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Braves eager to show off young pitcher
Prospect compared to Smoltz

KISSIMMEE, Fla. - When Tommy Hanson arrived for his first big league camp, he was assigned to a corner of the Atlanta Braves' clubhouse with a bunch of other guys wearing football-like numbers.

The barely-out-of-high-schoolers. The journeymen. The guys who'll spend their season in outposts such as Mississippi and Myrtle Beach.

In fact, Hanson only has half a locker. He must share his stall with another non-roster invitee, Kris Medlen.

But this inglorious, crowded spot is merely a stopping-off point for Hanson, a chance for him to get a sampling of life in the majors before he claims a more prominent position. This is the guy who's supposed to restore the luster to the Braves' rotation, the one who'll provide a link to a glorious era when pitchers named Smoltz and Maddux and Glavine were in their prime.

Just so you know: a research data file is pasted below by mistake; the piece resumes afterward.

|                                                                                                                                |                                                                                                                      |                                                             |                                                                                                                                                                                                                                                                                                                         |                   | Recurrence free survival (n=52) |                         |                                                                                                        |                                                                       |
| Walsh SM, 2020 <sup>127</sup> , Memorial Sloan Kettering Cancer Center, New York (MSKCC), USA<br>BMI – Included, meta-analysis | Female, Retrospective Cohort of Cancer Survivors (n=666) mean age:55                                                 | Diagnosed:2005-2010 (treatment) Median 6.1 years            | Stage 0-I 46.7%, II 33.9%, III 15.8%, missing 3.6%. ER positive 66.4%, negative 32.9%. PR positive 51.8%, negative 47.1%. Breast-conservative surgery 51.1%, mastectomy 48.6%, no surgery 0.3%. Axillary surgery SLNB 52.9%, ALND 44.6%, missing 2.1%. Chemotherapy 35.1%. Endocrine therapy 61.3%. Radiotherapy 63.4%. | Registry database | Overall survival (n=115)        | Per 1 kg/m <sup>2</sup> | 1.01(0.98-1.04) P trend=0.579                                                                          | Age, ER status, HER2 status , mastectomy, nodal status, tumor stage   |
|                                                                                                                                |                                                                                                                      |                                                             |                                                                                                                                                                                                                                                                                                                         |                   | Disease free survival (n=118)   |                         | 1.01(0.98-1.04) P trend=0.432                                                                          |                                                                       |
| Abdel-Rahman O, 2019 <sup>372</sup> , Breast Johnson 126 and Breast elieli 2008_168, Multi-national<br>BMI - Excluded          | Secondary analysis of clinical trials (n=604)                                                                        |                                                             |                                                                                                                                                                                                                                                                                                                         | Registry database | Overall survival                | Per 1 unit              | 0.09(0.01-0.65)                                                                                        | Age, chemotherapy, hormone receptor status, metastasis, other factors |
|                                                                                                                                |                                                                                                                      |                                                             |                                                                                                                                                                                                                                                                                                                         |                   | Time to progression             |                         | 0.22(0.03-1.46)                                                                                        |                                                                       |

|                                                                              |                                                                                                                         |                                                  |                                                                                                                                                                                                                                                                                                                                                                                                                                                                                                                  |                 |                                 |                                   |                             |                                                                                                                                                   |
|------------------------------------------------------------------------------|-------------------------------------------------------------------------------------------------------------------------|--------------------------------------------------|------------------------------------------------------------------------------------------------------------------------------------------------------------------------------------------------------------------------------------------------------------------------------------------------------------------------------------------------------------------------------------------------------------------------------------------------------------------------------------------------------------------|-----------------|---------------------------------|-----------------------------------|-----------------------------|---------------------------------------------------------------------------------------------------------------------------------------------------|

'This kid is going to be a No. 1 starter in Atlanta soon,' Braves star Chipper Jones said. 'There's no holding him back. Even if I had to go to a six-man rotation, I would do it, just to get this kid some experience and get him on his way.'

Spring training is overrun with hyped-up prospects who'll never spend a day in the big leagues, but it's hard not to get excited about this laid-back, 6-foot-6 Californian with the dazzling right arm. The slider, said manager Bobby Cox, is a lot like the one thrown by John Smoltz. That's a good comparison, said Jones, except Hanson has a wider repertoire than the only pitcher in baseball history to win 200 games and save 150 more.

The Braves might have acquired San Diego ace Jake Peavy during the offseason, if only they had been willing to give up a player who's never pitched above Double-A.

They weren't.

'I'd love to see him come down here and dazzle and make this club,' Jones said. 'I think he can pay immediate dividends.'

Sitting on the far side of the clubhouse, a wall separating him from the more established members of the team, Hanson merely smiles when asked about all the hype.